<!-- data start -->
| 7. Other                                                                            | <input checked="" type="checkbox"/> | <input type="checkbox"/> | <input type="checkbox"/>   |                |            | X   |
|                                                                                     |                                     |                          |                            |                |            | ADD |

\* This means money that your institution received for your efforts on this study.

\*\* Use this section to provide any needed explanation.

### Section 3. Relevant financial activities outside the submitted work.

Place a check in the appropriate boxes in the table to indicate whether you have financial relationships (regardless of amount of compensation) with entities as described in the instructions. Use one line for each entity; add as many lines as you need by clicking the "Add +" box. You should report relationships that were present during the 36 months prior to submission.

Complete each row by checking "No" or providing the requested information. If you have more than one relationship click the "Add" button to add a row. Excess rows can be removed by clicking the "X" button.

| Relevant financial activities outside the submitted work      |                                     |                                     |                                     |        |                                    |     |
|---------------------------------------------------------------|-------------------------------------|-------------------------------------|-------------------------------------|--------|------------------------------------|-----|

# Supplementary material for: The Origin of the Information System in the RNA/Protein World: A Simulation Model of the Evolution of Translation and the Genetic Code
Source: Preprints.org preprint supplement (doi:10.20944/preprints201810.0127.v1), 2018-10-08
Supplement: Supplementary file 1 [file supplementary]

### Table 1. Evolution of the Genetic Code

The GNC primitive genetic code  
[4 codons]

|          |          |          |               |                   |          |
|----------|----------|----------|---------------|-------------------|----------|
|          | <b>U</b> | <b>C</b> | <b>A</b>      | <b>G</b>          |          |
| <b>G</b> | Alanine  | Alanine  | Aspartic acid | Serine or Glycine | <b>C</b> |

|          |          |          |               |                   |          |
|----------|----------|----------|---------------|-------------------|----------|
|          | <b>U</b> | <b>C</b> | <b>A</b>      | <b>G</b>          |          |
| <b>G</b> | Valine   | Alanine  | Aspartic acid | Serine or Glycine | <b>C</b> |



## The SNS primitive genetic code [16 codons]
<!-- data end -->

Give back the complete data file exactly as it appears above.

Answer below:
| 7. Other                                                                            | <input checked="" type="checkbox"/> | <input type="checkbox"/> | <input type="checkbox"/>   |                |            | X   |
|                                                                                     |                                     |                          |                            |                |            | ADD |

\* This means money that your institution received for your efforts on this study.

\*\* Use this section to provide any needed explanation.

### Section 3. Relevant financial activities outside the submitted work.

Place a check in the appropriate boxes in the table to indicate whether you have financial relationships (regardless of amount of compensation) with entities as described in the instructions. Use one line for each entity; add as many lines as you need by clicking the "Add +" box. You should report relationships that were present during the 36 months prior to submission.

Complete each row by checking "No" or providing the requested information. If you have more than one relationship click the "Add" button to add a row. Excess rows can be removed by clicking the "X" button.

| Relevant financial activities outside the submitted work      |                                     |                                     |                                     |        |                                    |     |
|---------------------------------------------------------------|-------------------------------------|-------------------------------------|-------------------------------------|--------|------------------------------------|-----|

# Supplementary material for: The Origin of the Information System in the RNA/Protein World: A Simulation Model of the Evolution of Translation and the Genetic Code
Source: Preprints.org preprint supplement (doi:10.20944/preprints201810.0127.v1), 2018-10-08
Supplement: Supplementary file 1 [file supplementary]

### Table 1. Evolution of the Genetic Code

The GNC primitive genetic code  
[4 codons]

|          |          |          |               |                   |          |
|----------|----------|----------|---------------|-------------------|----------|
|          | <b>U</b> | <b>C</b> | <b>A</b>      | <b>G</b>          |          |
| <b>G</b> | Alanine  | Alanine  | Aspartic acid | Serine or Glycine | <b>C</b> |

|          |          |          |               |                   |          |
|----------|----------|----------|---------------|-------------------|----------|
|          | <b>U</b> | <b>C</b> | <b>A</b>      | <b>G</b>          |          |
| <b>G</b> | Valine   | Alanine  | Aspartic acid | Serine or Glycine | <b>C</b> |



## The SNS primitive genetic code [16 codons]